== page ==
Deficits in motivation and effort (i.e., avolition) are defining characteristics of several psychiatric and neurological disorders; have adverse effects on functional recovery, disease chronicity, and morbidity; and lack effective treatments. Research and development of novel treatments for avolition has been hindered by the lack of well-validated functional measures of target engagement that are similar across human and non-human model species, possibly due to the use of different approaches in laboratory animals and humans that lack translation. Importantly, neurophysiological recordings enable direct observation of synchronized neural activity with high (ms) temporal resolution and are argued to have higher validity for cross-species comparison of the effects of drugs on behavior compared to cellular or molecular measures. In this regard, and in line with RFA- MH-19-235 and the NIMH RDoC initiative, the current application proposes to optimize, evaluate, and mechanistically test neurophysiological and behavioral assays of physical and cognitive effort in a manner that will enable preclinical pipelines to develop novel and efficacious treatments for avolition in clinical populations In Aim 1, we will optimize rodent behavioral assessments of physical and cognitive effort using the physical effort task (PET) task and cognitive effort task (CET), respectively. Combined behavioral and electrophysiological evaluation will determine the neural substrates of physical and cognitive effortful decision making.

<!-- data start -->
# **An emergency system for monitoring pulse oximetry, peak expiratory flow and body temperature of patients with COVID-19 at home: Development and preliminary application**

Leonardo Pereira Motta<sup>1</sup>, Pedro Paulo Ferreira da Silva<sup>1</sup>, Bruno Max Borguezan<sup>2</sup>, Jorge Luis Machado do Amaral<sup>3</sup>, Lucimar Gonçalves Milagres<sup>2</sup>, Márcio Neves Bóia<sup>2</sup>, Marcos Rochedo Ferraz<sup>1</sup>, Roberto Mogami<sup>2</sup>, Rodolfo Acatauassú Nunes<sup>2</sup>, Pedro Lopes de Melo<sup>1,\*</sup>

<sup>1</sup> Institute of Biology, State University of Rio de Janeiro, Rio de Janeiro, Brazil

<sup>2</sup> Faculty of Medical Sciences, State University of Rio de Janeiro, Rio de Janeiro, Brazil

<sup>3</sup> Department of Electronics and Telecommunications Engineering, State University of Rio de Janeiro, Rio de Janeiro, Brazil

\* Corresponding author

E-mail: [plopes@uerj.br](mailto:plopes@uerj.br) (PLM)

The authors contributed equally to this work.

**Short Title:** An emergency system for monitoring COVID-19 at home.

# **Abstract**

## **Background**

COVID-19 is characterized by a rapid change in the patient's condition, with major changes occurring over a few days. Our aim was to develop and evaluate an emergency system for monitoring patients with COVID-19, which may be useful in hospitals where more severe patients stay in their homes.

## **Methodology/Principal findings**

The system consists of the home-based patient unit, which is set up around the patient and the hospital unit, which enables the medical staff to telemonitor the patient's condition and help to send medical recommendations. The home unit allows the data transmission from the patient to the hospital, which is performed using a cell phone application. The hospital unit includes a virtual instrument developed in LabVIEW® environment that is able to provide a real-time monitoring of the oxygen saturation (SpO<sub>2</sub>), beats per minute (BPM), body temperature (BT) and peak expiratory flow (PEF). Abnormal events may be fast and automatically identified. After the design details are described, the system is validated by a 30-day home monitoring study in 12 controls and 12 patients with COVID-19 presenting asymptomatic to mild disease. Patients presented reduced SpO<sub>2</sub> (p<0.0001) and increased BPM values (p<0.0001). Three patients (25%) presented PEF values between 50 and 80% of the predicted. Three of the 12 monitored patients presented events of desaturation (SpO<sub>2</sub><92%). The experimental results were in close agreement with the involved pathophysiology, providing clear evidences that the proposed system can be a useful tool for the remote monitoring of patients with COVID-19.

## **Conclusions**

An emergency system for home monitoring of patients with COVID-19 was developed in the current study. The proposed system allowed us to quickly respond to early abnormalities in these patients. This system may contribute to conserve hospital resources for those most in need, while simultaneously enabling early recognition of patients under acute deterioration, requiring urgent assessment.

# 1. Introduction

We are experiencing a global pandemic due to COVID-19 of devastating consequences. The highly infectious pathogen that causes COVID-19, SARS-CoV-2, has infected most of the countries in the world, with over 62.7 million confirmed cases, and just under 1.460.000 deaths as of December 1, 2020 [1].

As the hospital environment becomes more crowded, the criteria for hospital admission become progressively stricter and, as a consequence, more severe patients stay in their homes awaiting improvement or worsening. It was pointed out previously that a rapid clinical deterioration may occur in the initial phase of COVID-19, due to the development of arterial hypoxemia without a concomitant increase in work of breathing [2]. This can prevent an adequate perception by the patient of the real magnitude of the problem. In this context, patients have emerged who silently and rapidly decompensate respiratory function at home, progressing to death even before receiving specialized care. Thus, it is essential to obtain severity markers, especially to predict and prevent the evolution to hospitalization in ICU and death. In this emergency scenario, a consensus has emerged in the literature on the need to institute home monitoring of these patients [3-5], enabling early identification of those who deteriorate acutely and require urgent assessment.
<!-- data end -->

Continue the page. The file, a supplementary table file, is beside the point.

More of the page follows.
In Aim 2, we will validate these models using pharmacological challenges (modafinil and tolcapone) to potentiate the behavioral and neurophysiological correlates of effortful decision making. Finally, in Aim 3, we will investigate the mesostriatal and mesocortical mechanisms underlying drug-induced potentiation of effortful decision making using a combination of optogenetic manipulations in genetically defined neurons, electrophysiological recording, and behavioral pharmacology. Collectively, this application will delineate the precise contributions of mesolimbic and mesocortical dopamine circuits in the mediation of different forms of effortful behavior, identifying neural substrates that can be targeted to ameliorate impairments in motivation that are core to several psychiatric and neurological disorders.
In this proposal, we are optimizing, validating and mechanistically testing the neural circuitry involved in physical and cognitive effort using novel rodent neurophysiological and behavioral measures that may eventually be translated to analogous clinical assessments. The overall goal of this approach is to create cross-species assessments of motivation that can be used for drug discovery purposes.